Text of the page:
“The statute does not require that the charge should be made upon affidavit or other sworn testimony. The charge may undoubtedly be made by the court, as it is alleged that it was in this case, and the charge is clearly specified in the order to show cause and a time appointed for showing cause, and the relator was duly notified of the accusation, and an opportunity given to him to make his defense. * * * It is an error to suppose that in a case like the present the jurisdiction of the court to make the order to show cause depends upon the presentation of affidavits or other evidence to substantiate the charge. The order contains the charge, and I apprehend that, in practice, such evidence will rarely be furnished, as it is not made the duty of any officer connected with the administration of justice, or any other person, to make charges or accusations of facts constituting criminal contempts. It is a duty imposed upon all courts to preserve order in court, and see to it that its proceedings are not interrupted, or that the respect and authority due to the court are not impaired. And the statute, to enable the court to discharge this duty, confers the necessary power upon the court. The court may act upon its own motion and make the accusation, causing the party accused to be notified, and giving him a reasonable time to make his defense. ” Greeley v. The Court, 27 Howard’s Practice, 14.

In addition to the case just quoted from the following authorities sustain this view: In re Cheeseman, 49 N. J. Law, 115; Telegram Newspaper Co. v. Commonwealth, 172 Mass. 294, 44 L. R. A. 159; Ex parte Steinman, 95 Pa. St. 220; In re Moore, 63 N. C. 397; Langdon v. Judges, 76 Mich. 358; People v. Wilson, 64 Ill. 195; State v. Frew, 24 W. Va. 416; State v. Shepard, 177 Mo. 203.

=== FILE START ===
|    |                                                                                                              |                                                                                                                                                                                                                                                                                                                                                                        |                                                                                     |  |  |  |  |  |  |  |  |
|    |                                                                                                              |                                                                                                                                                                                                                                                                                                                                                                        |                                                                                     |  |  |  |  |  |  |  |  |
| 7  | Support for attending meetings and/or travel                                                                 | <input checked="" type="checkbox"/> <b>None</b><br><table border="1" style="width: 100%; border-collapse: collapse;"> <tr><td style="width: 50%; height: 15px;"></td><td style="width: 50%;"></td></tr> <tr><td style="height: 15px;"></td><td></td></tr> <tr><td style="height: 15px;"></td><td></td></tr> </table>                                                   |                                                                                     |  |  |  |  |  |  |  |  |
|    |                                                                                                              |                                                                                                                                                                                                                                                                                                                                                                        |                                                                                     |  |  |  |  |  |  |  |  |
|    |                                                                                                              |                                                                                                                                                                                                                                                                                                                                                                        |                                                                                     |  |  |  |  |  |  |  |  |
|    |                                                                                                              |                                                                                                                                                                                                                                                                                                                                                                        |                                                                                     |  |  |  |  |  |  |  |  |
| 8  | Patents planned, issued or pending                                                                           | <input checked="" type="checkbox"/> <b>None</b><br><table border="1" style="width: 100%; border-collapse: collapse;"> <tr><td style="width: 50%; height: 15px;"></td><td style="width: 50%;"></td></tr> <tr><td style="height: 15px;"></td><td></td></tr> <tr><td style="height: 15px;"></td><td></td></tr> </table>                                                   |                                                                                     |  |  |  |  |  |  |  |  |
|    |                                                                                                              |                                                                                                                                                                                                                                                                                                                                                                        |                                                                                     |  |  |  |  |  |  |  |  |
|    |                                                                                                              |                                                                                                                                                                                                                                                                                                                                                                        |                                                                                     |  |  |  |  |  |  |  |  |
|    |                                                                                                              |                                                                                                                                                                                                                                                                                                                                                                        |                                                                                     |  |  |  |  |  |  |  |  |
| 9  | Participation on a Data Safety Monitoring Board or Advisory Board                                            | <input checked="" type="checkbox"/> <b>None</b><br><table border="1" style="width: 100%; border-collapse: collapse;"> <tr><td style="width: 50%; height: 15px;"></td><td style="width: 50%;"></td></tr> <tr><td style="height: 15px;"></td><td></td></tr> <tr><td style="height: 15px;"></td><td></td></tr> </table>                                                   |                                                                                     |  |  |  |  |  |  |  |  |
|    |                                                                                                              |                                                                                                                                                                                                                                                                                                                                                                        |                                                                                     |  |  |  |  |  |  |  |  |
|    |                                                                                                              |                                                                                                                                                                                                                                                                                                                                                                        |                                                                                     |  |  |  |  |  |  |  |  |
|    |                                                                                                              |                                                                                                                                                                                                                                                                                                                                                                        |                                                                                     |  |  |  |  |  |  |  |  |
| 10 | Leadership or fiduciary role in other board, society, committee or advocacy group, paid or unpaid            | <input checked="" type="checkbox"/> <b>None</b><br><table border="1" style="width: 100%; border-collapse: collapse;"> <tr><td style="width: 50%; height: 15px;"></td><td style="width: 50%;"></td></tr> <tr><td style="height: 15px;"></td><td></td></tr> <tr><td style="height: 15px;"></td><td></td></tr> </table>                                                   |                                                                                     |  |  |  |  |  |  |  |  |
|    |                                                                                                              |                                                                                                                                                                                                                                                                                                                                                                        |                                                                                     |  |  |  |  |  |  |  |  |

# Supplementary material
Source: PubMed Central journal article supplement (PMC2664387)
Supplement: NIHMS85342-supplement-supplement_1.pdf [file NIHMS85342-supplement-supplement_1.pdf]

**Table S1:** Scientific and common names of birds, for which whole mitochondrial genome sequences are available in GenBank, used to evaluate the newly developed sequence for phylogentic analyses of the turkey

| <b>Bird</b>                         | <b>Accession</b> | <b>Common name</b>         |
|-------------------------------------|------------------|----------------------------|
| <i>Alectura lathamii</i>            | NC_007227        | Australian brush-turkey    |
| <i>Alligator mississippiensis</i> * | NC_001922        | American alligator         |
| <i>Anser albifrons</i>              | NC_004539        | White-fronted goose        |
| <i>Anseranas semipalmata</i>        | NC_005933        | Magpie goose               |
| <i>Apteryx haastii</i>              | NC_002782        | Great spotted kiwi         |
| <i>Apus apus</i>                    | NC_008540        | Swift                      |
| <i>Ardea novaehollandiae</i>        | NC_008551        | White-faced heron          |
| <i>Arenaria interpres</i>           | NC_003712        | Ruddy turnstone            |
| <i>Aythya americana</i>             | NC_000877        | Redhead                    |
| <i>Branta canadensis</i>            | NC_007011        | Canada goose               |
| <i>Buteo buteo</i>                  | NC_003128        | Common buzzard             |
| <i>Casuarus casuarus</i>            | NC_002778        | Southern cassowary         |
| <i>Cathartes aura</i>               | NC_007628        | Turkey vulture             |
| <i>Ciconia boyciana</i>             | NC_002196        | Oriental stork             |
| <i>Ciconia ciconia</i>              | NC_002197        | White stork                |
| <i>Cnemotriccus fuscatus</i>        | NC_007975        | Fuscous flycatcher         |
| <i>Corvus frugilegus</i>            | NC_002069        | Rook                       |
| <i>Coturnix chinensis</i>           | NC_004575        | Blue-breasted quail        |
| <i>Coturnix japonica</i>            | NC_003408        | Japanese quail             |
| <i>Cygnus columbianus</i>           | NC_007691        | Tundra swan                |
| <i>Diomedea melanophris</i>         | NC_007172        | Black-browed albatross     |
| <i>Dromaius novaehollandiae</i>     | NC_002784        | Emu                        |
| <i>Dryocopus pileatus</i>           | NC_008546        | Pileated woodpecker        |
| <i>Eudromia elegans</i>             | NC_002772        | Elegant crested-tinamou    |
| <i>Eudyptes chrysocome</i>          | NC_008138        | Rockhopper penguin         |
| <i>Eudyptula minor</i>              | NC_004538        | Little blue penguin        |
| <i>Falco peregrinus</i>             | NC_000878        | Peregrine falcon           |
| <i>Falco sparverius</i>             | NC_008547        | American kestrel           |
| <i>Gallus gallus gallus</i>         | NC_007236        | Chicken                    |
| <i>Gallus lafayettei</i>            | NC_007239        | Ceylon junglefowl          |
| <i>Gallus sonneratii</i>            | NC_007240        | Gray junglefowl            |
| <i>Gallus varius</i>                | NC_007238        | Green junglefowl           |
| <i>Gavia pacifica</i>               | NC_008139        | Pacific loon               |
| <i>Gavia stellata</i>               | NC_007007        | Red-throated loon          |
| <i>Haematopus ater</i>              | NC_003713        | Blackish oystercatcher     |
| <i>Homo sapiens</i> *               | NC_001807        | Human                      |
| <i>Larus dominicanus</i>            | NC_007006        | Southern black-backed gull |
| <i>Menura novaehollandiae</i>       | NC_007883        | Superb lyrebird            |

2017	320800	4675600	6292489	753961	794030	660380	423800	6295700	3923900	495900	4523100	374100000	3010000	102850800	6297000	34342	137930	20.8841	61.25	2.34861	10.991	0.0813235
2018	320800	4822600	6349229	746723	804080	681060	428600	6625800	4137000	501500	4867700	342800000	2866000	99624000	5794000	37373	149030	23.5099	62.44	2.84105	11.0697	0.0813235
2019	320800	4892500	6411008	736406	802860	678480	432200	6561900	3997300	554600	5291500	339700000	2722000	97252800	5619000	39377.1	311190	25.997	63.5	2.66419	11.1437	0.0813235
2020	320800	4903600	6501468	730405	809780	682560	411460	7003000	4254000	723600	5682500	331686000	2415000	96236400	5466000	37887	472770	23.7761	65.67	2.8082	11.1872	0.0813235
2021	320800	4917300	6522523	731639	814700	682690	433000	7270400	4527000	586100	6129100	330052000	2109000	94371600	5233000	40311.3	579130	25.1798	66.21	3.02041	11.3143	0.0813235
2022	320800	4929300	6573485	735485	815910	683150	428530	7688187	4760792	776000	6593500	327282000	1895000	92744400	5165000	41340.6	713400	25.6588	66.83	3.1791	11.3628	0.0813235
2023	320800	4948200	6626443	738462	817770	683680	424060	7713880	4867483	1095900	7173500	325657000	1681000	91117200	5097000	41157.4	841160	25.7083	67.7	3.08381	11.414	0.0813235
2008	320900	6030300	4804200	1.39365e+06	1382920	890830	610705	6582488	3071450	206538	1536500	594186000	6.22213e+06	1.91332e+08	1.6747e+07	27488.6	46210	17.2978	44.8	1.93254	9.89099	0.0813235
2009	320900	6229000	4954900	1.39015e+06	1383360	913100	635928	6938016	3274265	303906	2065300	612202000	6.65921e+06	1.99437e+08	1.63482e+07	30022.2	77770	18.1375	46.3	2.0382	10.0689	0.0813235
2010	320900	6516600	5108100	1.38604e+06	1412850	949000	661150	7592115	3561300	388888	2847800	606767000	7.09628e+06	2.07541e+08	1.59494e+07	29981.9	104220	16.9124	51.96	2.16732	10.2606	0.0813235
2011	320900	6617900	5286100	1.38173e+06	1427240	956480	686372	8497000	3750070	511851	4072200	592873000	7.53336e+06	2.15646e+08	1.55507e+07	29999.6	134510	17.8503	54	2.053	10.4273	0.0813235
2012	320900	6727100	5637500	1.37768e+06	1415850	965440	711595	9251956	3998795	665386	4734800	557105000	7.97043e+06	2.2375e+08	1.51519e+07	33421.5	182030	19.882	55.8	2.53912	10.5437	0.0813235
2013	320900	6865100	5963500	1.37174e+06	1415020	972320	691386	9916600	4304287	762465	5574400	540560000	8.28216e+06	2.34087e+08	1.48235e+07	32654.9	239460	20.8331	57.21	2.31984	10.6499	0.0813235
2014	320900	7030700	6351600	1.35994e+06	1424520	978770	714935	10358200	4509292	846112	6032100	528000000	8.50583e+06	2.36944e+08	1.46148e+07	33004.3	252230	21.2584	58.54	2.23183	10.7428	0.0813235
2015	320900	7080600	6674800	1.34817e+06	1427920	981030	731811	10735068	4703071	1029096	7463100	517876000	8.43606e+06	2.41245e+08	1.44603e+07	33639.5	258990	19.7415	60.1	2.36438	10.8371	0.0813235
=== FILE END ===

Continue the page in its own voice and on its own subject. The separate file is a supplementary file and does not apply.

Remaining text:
The cases which hold to the contrary entirely ignore the distinction between civil contempts, where the court can not proceed unless so moved by a party aggrieved, and criminal contempts, where only the maintenance of the court’s dignity *130is involved. In the latter class of cases it is primarily the duty of the court itself to see that it is not brought into public contempt by words or conduct of individuals. It is not bound to wait for some third person to initiate proceedings, for it would be anomalous to say that the first duty rests with the court, and yet it must wait for some individual to institute proceedings before the court can take any steps to maintain its own dignity. I think no one can read Judge English’s opinion in the Morrill case (16 Ark. 384) without being impressed with the idea that such was the view of the court on the subject. Indeed, a careful analysis of the decision leads to the conclusion that that was what the court regarded as the proper- practice, for the court did not treat the letter of the attorney as the basis of the proceedings. The court proceeded entirely on its own initiative in bringing the accused to the bar of the court to answer for the alleged contempt.